The 411 on Preparing Content for Document Translation
Barb Sichel | June 6, 2018
Good document translation is not always achieved by simply handing over your files to a document translator. Fully preparing your content for translation requires some key steps. Just as you prepare for a new product launch or advertising campaign, you should also prepare for your document translation project.
No matter your source or target languages, preparing for professional document translation may involve making some fundamental changes to your source documents as well as preparing organizationally. This is sometimes called writing for translation.
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Prepare Your Content for Document Translation
When getting your material ready for professional document translation, make sure your original documents are professionally written and edited in their original language.
For instance, if your source language is English, writing for translation means all documents should be in simple English with short, clear sentences. Limit dependent clauses. Using only one thought per sentence helps translators determine your meaning and aids in building your translation memory. Writing for translation is also sometimes called simplifying the text.
Eliminate cultural references and idiomatic expressions that may not translate well across cultures. Some symbols and symbolic language can be utterly confusing outside the English language and related cultures. Eliminate symbols that do not cross cultural barriers well.
Here are some other important document preparation tips:
Use pictures and fewer words.
Diagrams and pictures are often easier and more intuitive for users to understand than lengthy text. Just be sure the images you choose are easily identified in your target market. Also, because document translation costs are often based on word count, you can save money by replacing wordy text with simple diagrams and illustrations.
Don’t embed text within graphics.
For ease in the document translation process, always ensure that all text is “live,” so your content can easily be captured for translation. Text embedded in images must be manually extracted for translation, costing precious time.
Prepare for text expansion.
It surprises many to learn that the same message in most other languages is 20 percent longer than English. Therefore, when writing for translation from English, you must account for text expansion when designing or creating your original print layout, including artwork, graphics, or charts. Also consider that your documents may need to be resized (U.S. letter sizes are normally converted to A4 for other global markets).
Link all graphics.
Always try to link graphics in a document instead of embedding them. This simplifies replacement in localized versions and future document updates. Linking graphics also reduces file size, which works well for file transfers.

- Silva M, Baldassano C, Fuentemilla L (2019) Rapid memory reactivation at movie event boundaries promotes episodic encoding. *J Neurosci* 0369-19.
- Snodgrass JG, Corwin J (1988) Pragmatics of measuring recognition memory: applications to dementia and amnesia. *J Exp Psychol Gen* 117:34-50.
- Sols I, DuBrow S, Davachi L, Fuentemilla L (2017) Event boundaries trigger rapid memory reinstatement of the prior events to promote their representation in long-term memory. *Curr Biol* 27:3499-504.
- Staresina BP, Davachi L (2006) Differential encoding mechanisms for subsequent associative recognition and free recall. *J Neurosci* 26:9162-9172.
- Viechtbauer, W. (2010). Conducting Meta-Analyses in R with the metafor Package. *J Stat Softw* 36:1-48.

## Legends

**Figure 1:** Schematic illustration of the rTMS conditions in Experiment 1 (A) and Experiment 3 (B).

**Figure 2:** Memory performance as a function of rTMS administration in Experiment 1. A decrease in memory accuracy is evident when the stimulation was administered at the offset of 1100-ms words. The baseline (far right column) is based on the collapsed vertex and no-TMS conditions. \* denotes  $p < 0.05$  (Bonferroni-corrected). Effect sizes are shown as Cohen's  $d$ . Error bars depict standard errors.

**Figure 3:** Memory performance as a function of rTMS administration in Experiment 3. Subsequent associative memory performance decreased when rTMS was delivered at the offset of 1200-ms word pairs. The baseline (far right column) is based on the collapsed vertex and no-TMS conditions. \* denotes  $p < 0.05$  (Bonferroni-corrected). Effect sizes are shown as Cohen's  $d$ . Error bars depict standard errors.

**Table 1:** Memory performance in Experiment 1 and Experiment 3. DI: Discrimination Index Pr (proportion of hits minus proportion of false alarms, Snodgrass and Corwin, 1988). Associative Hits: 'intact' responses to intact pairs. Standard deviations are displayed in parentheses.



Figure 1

Provide editable source files.
Providing editable source files is a critical part of preparing your material for document translation. Use common file formats for text and images whenever possible. Most translators do not work in engineering or complex image creation applications, so sending files in these formats will require time-consuming workarounds and changes that will slow the overall translation process.
Prepare Administratively for Your Professional Document Translation Project
Just as it is important to prepare your actual documents for translation, it is crucial to prepare for the translation project itself. Although the following steps do not involve the documents themselves, they can directly impact the quality of your content translations.
Provide instructions to your translation provider that include the scope of the project, reference materials, and the purpose of the final documents desired. Specify any information needed to generate deliverables that meet your intended purpose including output format and style guides.
Organize your file submissions.
Be sure your file submissions consist of all relevant files for document translation in working condition with no extra or unused files. Be sure to include linked graphics and fonts. Utilizing an organized folder structure goes a long way in eliminating confusion and lost source documents.
Build a glossary
Writing for translation should include creating a corporate glossary and style guide that are reviewed and approved by all internal parties. Providing a glossary or reference guide of technical terms will ensure that your internal team is all on the same page and help keep translations accurate. Clear definitions of acronyms and key terms, especially industry-related terms, give the translator additional clarity regarding your intended meaning.
Taking these steps can help ensure your content is able to be seamlessly translated from one language to another with its original meaning intact.